* Lookup the data. This is trivial - if the dentry didn't already
 * exist, we know it is negative.
 */
Because this is ramfs, perhaps the assumption is that the VFS will have entries in its cache regarding all files, so if it doesn't already know, then it can't exist? I'll investigate further with other filesystems at a later time. I'll have to look up what d_add() does, too.
static int ramfs_link(struct dentry *old_dentry, struct inode * dir, struct dentry * dentry)
{
        struct inode *inode = old_dentry->d_inode;

        if (S_ISDIR(inode->i_mode))
                return -EPERM;

        inode->i_nlink++;
        atomic_inc(&inode->i_count);    /* New dentry reference */
        dget(dentry);           /* Extra pinning count for the created dentry */
        d_instantiate(dentry, inode);
        return 0;
}
Links are ways for more than one file to refer to the same inode. These are hard links, not symbolic links. First we check that the target is not a directory, because you can't have a hard link to a directory (I'm not sure why, actually). Then we up the count of the links, call atomic_inc() (which I'm guessing is a thread-safe way to increase a usage counter), and yet more calls to d_() functions that we'll have to look into.
static int ramfs_unlink(struct inode * dir, struct dentry *dentry)
{
        int retval = -ENOTEMPTY;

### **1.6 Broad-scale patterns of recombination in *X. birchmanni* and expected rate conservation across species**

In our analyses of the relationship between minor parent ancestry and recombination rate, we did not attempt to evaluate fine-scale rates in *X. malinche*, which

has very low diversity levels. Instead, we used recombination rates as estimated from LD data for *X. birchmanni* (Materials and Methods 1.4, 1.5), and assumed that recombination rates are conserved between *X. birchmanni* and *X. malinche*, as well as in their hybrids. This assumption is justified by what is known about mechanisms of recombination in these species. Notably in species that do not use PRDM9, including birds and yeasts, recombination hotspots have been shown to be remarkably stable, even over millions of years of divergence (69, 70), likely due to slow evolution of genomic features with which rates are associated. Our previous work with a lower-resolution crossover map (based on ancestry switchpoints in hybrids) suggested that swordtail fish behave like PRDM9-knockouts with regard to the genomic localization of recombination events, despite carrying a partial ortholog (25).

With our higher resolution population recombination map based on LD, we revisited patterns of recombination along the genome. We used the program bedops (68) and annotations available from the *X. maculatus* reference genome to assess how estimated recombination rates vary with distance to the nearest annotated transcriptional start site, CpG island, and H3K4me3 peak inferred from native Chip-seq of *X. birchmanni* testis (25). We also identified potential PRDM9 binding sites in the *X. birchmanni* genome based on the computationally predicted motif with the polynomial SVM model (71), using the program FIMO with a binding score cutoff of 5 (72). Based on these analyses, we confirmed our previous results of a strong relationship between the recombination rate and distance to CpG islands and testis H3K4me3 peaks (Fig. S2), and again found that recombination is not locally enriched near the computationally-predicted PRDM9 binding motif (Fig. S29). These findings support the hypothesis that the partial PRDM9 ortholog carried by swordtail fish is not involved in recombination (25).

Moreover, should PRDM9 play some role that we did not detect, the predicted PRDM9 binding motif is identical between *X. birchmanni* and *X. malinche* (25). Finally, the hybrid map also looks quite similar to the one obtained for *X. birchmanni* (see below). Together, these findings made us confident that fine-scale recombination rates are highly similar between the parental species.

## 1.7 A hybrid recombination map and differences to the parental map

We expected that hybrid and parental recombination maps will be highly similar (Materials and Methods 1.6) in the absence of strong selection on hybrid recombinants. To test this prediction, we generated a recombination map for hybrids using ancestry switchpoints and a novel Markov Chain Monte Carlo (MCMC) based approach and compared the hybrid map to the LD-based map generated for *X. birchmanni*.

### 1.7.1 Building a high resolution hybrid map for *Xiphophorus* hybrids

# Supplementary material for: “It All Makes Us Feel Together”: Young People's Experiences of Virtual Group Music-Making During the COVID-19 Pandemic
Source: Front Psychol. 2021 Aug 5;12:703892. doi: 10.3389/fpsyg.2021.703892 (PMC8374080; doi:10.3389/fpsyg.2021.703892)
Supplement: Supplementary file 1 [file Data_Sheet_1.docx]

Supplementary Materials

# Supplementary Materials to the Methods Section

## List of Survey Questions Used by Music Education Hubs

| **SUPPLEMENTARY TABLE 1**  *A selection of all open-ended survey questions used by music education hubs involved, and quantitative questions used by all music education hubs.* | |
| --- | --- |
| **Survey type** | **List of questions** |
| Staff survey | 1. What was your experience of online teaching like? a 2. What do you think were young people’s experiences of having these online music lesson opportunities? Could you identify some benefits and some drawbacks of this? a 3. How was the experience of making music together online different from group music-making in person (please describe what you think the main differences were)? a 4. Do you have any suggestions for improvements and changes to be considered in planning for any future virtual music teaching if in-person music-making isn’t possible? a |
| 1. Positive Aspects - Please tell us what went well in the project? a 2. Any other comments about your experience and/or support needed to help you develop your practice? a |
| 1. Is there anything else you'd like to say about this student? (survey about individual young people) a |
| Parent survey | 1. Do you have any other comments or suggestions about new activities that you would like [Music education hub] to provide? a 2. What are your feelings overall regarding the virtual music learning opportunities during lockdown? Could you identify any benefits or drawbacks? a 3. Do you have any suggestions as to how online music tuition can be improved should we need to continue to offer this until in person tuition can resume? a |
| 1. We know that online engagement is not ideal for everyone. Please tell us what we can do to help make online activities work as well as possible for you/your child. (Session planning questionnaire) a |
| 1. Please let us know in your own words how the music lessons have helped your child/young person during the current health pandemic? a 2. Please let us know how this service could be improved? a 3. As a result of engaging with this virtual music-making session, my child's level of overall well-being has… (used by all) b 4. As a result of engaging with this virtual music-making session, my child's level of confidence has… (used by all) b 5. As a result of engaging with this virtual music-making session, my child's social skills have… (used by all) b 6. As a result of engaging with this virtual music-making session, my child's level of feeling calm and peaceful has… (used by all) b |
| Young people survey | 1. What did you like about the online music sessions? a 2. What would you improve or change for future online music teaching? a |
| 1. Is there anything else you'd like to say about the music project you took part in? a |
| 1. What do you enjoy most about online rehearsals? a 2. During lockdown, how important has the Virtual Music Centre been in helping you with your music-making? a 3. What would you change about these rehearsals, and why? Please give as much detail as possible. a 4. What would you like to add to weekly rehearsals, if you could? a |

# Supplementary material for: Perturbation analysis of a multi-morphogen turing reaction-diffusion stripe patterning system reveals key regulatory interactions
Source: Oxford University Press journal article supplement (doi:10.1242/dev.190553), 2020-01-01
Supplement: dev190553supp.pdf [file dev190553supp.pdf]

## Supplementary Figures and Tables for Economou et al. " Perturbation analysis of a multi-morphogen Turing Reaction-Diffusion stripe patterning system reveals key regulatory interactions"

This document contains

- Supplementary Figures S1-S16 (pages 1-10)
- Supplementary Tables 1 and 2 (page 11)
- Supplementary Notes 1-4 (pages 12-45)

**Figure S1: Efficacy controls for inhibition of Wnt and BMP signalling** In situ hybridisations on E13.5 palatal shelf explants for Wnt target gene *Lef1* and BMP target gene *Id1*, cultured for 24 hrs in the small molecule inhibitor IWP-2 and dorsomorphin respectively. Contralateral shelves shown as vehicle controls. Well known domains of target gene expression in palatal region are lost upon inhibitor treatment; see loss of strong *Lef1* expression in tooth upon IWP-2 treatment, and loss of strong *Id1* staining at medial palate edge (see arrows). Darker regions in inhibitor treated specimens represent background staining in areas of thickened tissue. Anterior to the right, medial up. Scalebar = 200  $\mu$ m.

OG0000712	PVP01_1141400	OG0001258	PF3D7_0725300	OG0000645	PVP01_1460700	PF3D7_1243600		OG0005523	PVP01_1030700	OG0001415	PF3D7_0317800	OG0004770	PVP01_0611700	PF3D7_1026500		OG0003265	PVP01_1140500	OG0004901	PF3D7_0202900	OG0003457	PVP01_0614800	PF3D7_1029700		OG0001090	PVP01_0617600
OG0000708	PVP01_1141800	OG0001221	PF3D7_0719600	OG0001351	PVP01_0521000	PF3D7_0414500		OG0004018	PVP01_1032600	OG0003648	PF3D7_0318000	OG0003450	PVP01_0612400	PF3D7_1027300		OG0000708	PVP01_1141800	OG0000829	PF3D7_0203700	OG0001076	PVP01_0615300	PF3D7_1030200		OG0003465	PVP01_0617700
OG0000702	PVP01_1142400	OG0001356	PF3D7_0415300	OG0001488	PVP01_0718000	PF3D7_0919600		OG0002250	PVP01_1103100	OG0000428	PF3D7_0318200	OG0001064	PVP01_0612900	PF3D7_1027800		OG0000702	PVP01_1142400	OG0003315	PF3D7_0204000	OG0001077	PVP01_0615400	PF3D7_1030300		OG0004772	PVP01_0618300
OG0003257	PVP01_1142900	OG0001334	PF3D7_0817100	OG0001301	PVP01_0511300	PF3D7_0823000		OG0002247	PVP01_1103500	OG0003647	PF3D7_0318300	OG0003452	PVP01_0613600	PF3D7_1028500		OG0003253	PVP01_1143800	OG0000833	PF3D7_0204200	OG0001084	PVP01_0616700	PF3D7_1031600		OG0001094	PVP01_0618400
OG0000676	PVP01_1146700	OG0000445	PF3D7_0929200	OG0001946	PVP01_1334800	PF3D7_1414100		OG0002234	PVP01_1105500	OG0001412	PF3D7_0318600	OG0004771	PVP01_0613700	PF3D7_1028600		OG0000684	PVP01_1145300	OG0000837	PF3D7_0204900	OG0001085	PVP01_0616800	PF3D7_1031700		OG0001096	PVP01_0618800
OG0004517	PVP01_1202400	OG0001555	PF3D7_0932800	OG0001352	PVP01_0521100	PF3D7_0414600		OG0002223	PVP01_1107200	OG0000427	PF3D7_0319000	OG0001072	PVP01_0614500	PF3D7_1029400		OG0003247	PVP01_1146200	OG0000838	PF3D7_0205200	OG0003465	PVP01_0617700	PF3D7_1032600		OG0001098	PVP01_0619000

if (ramfs_empty(dentry)) {
                struct inode *inode = dentry->d_inode;

                inode->i_nlink--;
                dput(dentry);                   /* Undo the count from "create" - this does all the work */
                retval = 0;
        }
        return retval;
}
unlinking means deleting, specifically for a file. Because more than one file can refer to the same inode, the inode itself keeps track of how many files are referring to it (thus the inode->i_nlink-- line). The ENOTEMPTY error is there because the ramfs_unlink() function is also used to remove directories, and so there's a call to ramfs_empty() to ensure that the directory is really empty. I'm assuming ramfs_empty() returns true on a file (which isn't a container). And again with the dput(), another function I'll have to figure out.
static int ramfs_symlink(struct inode * dir, struct dentry *dentry, const char * symname)
{
        int error;

        error = ramfs_mknod(dir, dentry, S_IFLNK | S_IRWXUGO, 0);
        if (!error) {
                int l = strlen(symname)+1;
                struct inode *inode = dentry->d_inode;
                error = block_symlink(inode, symname, l);
        }
        return error;
}
A symlink is a symbolic link, creating a reference to some other file. ramfs_mknod() is called as it was in ramfs_create(), but a few more things are happening. The type is now S_IFLNK, and all the flags are being set on the file (the S_IRWXUGO). After the file is created, the block_symlink() function is called, and I'm not sure what that does. Another on the list o to-do.
static int ramfs_mkdir(struct inode * dir, struct dentry * dentry, int mode)
{
        return ramfs_mknod(dir, dentry, mode | S_IFDIR, 0);
}
Pretty simple, it's the same as ramfs_create(), but with the S_IFDIR flag instead of S_IFREG.
#define ramfs_rmdir ramfs_unlink
Here we see that ramfs_rmdir() is really just ramfs_unlink(), as we mentioned above.
static int ramfs_mknod(struct inode *dir, struct dentry *dentry, int mode, int dev)